The Spanish financial rescue is in the doldrums, even if the financial sector lives in a milder climate following the risk premium steep fall in the aftermath of the bold move by the European Central Bank. But things might turn nasty again should renewed doubts unwind the encouraging trend.
This industry badly needs a thorough cleaning up involving huge resources. Yet the €100 billion earmarked for the salvaging operation still stands far away from delivery. Spain will unveil the banking shortcomings at next week close and ask for a concrete amount of help. Brussels might take at least one extra month in examining the restructuring plans before loosening the strings of its purse.
But the roadmap leading to the safe shore will be confronted with the formidable hurdle that the single bad bank for draining the impaired assets represents.
Most observers point to the transfer price as the key issue to be solved. A higher price than warranted would turn into a fat bill to be footed by taxpayers in future. A lower than reasonable price is likely to further damage the balance sheets.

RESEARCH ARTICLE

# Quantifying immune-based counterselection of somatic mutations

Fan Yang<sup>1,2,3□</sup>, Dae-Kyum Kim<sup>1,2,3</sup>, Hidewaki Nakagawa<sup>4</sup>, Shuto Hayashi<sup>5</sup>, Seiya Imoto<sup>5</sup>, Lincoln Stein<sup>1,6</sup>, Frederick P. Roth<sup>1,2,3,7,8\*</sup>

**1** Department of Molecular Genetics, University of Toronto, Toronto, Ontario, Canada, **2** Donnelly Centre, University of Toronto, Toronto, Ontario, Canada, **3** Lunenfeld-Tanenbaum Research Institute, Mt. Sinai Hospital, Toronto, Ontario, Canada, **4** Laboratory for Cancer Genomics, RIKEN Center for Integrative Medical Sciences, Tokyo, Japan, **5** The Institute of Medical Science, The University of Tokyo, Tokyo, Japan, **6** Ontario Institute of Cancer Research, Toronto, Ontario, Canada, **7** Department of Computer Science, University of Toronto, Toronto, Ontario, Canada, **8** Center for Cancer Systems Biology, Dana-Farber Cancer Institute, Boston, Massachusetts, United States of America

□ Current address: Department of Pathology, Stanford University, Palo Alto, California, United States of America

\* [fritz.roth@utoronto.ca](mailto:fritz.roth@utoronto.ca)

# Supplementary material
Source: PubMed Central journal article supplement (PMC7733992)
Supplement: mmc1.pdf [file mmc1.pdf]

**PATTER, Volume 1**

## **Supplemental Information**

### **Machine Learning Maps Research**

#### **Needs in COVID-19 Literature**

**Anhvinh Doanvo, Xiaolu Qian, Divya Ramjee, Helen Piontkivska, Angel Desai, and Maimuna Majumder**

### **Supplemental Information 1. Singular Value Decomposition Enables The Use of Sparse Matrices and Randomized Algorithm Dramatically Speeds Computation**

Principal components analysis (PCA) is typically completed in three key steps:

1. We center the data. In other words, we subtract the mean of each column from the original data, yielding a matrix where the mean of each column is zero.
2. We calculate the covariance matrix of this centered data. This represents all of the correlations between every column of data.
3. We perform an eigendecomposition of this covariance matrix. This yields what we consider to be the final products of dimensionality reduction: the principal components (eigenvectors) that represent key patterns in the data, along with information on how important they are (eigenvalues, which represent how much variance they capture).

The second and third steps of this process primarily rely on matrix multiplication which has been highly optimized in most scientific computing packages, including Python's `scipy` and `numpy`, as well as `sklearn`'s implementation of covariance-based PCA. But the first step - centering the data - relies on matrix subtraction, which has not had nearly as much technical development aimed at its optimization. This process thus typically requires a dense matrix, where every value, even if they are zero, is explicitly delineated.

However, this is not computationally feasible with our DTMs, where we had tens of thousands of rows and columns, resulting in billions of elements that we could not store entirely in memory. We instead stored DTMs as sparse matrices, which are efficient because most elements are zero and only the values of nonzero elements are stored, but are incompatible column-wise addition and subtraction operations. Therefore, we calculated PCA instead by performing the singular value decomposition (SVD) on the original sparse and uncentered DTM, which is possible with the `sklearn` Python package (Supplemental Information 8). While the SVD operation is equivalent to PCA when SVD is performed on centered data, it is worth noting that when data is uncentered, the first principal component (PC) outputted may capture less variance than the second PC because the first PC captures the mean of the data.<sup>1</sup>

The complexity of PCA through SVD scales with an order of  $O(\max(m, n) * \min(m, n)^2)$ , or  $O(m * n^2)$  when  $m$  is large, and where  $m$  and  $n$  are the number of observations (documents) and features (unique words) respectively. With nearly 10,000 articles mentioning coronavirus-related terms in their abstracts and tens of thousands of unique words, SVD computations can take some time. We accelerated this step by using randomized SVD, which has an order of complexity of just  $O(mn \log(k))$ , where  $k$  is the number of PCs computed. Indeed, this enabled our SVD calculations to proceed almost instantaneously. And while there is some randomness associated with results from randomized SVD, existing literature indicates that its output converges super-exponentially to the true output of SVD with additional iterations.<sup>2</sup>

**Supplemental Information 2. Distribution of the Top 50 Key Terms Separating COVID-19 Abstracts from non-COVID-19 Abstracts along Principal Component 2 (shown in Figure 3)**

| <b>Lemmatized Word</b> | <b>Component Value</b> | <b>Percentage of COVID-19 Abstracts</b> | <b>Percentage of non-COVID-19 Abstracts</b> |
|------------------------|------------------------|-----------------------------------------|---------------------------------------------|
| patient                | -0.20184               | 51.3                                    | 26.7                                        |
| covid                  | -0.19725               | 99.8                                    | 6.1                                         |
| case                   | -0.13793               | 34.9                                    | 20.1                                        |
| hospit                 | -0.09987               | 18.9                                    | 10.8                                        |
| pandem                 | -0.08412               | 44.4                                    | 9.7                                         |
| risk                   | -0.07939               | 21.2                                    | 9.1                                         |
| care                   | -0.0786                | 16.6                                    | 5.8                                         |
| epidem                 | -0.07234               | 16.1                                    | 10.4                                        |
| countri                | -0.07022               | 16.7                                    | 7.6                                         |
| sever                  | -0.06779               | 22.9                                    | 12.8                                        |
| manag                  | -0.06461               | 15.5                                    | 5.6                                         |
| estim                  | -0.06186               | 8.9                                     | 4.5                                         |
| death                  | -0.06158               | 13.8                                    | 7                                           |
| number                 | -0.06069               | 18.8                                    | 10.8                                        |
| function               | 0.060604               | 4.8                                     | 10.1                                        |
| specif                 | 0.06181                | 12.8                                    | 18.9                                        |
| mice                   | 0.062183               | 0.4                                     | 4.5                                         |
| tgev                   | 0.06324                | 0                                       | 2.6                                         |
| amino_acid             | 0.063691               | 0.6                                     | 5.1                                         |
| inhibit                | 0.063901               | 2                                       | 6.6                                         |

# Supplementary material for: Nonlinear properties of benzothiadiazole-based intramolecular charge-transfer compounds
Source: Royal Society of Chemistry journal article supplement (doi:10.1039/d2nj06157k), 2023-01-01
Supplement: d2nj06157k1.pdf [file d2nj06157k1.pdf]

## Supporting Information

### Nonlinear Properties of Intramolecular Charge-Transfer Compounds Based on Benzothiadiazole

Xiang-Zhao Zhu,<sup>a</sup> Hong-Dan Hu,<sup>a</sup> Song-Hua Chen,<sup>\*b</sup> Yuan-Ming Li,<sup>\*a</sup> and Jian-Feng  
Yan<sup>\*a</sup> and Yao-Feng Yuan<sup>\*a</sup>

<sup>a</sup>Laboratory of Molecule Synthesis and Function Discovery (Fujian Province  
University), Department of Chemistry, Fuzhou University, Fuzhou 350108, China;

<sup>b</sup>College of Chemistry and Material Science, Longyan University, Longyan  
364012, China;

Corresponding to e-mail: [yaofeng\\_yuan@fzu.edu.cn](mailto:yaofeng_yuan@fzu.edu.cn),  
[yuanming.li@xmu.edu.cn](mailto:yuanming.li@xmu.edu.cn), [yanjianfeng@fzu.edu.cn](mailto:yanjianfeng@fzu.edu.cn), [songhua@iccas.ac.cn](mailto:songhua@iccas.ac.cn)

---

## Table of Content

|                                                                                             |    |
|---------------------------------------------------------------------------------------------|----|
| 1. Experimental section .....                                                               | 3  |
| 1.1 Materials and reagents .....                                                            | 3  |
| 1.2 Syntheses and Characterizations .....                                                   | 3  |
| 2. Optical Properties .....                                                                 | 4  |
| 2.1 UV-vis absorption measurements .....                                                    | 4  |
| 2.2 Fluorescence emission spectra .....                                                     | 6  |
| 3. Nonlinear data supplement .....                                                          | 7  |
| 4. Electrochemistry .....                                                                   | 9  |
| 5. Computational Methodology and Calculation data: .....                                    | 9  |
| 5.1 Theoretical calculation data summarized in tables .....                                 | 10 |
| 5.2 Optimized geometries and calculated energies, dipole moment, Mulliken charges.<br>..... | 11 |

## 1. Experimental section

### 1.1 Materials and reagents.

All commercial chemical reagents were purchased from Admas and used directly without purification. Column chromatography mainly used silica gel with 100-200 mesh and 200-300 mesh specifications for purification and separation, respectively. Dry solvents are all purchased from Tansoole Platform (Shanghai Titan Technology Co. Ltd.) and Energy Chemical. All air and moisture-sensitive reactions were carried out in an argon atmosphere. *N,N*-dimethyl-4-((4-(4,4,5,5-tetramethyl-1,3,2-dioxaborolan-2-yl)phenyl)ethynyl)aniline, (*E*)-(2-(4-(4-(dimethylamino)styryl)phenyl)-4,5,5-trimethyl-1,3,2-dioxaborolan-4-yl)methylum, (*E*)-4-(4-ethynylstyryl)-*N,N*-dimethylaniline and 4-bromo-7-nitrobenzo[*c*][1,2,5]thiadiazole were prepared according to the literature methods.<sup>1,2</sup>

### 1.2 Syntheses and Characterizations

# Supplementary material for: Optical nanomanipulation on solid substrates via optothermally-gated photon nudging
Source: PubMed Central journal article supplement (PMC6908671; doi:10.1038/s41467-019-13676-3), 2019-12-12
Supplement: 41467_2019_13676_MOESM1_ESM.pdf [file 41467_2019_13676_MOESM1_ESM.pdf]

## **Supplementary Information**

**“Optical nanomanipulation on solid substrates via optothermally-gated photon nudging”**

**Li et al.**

No one seems to underlie the basic flaw this initiative entails. A backstop entity lacking any link with individual banks having awarded and frequently refinanced bad loans is poorly equipped to persuade debtors in paying their due amounts.
In the absence of any real capacity to perform the essential task of recovering pending obligations, debtors might be tempted to withdrawing payments and banks to dumping their doubtful portfolio. At any given transfer price, the chances of substantially increased public involvement will inevitably run higher. An ugly prospect that would feed into bloating debt and deficit levels at the most unfavourable time.
Even solvent entities are eager to have access to this wreckage disposal site. A clear omen they are ready to choose the easy going conduct of throwing to the dustbin their impaired assets.
Who might bother enforcing an enhanced recovery policy if you can cash right away unreliable loans?
Should discipline falter in this key issue, the potential losses might snowball. A single bad bank only offers effective added value in performing tasks individual banks are not acquainted with. Selling real estate stemming from foreclosures stands as a good example. Transferring loans, simply because they are bad, amounts to the worst policy. Spain can still reshape this initiative in a sound way. A few weeks from now on, it might be too late.